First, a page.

This is simply riveting..

    I wish you and your family all the best.

    Sep 17, 2015. 06:51 PM | 1 Like Like |Link to Comment
  • Rebuttal: Iconix Is Not Broken (Time To Buy) [View article]
    I guess they're just another value player tagging along in this long opportunity. The managers are not activist but it's not a plain-vanilla mutual fund either. It states right on their website that they evaluate companies from a bottom-up perspective:

    "We invest in stocks where, in our opinion, the present value of the company’s future cash flows exceeds the current market price. We identify these investment opportunities by employing a rigorous, bottom-up investment process that emphasizes internally-generated fundamental research. We believe that the consistent application of this research process has the potential to provide superior long-term risk-adjusted performance."

    I don't care one way or another, but it seems to be moving shares higher.
    Sep 16, 2015. 03:50 PM | 1 Like Like |Link to Comment
  • Rebuttal: Iconix Is Not Broken (Time To Buy) [View article]
    In the 1970s Henry Earl Singleton ran a company called Teledyne. It was essentially operating as a conglomerate. In 1969, the business reported 1.3b in sales and 90mm in net income trading at ~$40 per share. One year later, due to a bear market, shares declined nearly 80%. Management decided that repurchasing a considerable amount of the float would create shareholder value. Over the course of 10 years, firm earnings also grew about 90%. At the end of the period, the stock price was about $175 (or 2000% higher a decade later).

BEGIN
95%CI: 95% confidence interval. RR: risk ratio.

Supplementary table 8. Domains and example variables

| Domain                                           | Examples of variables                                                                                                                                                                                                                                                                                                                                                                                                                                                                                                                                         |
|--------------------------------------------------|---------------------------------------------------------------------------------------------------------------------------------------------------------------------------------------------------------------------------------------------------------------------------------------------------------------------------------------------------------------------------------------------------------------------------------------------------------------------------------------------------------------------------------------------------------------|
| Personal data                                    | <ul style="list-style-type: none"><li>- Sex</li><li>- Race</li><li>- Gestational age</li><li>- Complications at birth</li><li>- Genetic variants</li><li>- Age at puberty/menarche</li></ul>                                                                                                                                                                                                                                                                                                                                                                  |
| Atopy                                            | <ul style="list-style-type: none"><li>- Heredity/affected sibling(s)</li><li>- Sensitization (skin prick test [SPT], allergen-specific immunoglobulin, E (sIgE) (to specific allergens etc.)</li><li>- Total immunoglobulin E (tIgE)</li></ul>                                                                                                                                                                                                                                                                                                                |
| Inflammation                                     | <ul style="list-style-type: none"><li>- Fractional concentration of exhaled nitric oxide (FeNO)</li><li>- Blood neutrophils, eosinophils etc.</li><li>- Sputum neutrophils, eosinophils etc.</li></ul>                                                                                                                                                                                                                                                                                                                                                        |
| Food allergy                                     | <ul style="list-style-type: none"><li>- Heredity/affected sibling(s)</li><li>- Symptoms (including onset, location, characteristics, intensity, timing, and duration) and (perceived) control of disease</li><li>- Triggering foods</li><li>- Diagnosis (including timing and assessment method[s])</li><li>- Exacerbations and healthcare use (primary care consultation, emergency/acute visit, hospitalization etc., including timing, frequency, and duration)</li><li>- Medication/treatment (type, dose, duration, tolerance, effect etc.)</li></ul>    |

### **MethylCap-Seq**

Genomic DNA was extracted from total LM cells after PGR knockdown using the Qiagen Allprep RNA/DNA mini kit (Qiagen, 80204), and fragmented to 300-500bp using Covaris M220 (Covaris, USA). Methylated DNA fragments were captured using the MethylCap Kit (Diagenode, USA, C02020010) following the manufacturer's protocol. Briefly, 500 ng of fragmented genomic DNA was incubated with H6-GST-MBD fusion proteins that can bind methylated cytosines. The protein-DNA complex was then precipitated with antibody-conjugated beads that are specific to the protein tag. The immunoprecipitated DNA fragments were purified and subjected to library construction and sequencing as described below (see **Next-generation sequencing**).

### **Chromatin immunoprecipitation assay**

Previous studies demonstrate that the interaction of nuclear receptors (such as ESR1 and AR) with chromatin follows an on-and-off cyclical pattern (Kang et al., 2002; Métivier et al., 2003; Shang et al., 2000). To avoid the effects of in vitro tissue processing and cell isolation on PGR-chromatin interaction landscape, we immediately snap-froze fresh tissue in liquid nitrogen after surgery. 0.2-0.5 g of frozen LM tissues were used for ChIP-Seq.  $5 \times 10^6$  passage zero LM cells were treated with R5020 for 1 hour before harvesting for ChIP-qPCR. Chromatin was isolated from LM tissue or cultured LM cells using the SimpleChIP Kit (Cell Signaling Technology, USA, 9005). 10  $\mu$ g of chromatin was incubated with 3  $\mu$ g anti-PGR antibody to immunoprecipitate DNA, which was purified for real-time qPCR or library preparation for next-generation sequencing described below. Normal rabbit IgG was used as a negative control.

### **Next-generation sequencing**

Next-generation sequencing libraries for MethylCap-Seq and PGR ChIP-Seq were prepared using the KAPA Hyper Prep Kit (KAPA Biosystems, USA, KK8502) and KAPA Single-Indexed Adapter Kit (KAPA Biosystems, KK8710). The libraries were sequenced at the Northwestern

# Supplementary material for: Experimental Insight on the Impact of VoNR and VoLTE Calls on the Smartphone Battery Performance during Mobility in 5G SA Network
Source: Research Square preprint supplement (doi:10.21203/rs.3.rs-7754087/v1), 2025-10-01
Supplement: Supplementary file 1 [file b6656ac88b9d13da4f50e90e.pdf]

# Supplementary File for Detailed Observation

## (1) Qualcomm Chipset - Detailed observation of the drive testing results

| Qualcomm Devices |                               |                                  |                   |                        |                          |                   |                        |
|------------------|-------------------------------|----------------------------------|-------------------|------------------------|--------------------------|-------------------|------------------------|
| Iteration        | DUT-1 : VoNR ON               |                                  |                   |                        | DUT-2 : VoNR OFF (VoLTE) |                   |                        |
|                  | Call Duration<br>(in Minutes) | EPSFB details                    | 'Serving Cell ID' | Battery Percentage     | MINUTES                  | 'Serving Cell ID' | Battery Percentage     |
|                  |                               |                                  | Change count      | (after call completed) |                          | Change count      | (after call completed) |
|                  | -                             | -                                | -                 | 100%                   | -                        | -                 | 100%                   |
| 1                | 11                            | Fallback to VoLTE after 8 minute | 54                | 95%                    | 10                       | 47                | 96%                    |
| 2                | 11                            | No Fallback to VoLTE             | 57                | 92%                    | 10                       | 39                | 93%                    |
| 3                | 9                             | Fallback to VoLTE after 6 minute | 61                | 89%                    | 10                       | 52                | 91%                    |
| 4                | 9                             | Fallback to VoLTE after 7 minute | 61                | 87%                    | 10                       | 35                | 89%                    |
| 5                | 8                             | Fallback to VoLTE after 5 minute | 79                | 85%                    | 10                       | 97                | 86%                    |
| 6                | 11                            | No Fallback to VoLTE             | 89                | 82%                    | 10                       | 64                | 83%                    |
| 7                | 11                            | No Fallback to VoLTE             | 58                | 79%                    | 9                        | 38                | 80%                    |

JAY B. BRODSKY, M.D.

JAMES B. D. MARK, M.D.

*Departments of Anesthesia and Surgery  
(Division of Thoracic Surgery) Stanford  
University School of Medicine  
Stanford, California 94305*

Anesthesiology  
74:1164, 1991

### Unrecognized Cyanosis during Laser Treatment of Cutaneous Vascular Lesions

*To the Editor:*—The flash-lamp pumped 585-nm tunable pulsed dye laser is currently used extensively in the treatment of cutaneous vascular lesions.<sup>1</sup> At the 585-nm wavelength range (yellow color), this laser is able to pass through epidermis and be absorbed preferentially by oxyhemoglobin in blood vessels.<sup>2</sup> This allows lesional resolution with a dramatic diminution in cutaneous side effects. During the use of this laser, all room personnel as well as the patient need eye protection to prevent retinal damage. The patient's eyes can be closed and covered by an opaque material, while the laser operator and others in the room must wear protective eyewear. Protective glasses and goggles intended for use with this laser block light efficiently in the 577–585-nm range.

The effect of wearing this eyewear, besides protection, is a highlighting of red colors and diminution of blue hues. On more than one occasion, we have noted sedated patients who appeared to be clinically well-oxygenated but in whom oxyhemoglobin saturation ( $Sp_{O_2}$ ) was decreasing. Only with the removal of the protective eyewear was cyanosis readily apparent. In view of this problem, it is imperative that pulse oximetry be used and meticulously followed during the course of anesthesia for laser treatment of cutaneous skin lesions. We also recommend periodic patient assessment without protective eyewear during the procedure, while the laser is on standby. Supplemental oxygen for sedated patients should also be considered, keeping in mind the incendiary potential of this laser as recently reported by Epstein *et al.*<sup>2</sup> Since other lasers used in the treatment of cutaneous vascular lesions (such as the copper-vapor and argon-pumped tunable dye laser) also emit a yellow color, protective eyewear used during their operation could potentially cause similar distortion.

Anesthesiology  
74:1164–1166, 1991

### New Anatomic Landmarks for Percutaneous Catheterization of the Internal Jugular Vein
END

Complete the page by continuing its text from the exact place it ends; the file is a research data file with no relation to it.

In the case of Iconix, management is smart for repurchasing shares because A) the business is undervalued, B) operations will improve going forward, C) current financial condition is sound. This strategy is not simply a way to "return capital to shareholders" but actually improve the value of the firm significantly.

    I have already made this a big position in my portfolio but maybe it can get a little cheaper through the next earnings report. The only true risk is if we see a major backwardation in affiliated brand sales and/or potential one-time fines that are large in nature.
    Sep 16, 2015. 08:36 AM | 1 Like Like |Link to Comment
  • Goldman rate-hike plays: Favor balance sheet quality, avoid floating rate debt [View news story]
    GM has floating debt but their pension liabilities are offset to a greater extent by the rate hikes. Financing is not a concern.

    Also management is more aware than anyone else of the cyclical behavior of auto industry economics. We just saw a few large insider purchases. I'm assuming they recognize the risk reward play at hand.
    Sep 14, 2015. 12:18 PM | 1 Like Like |Link to Comment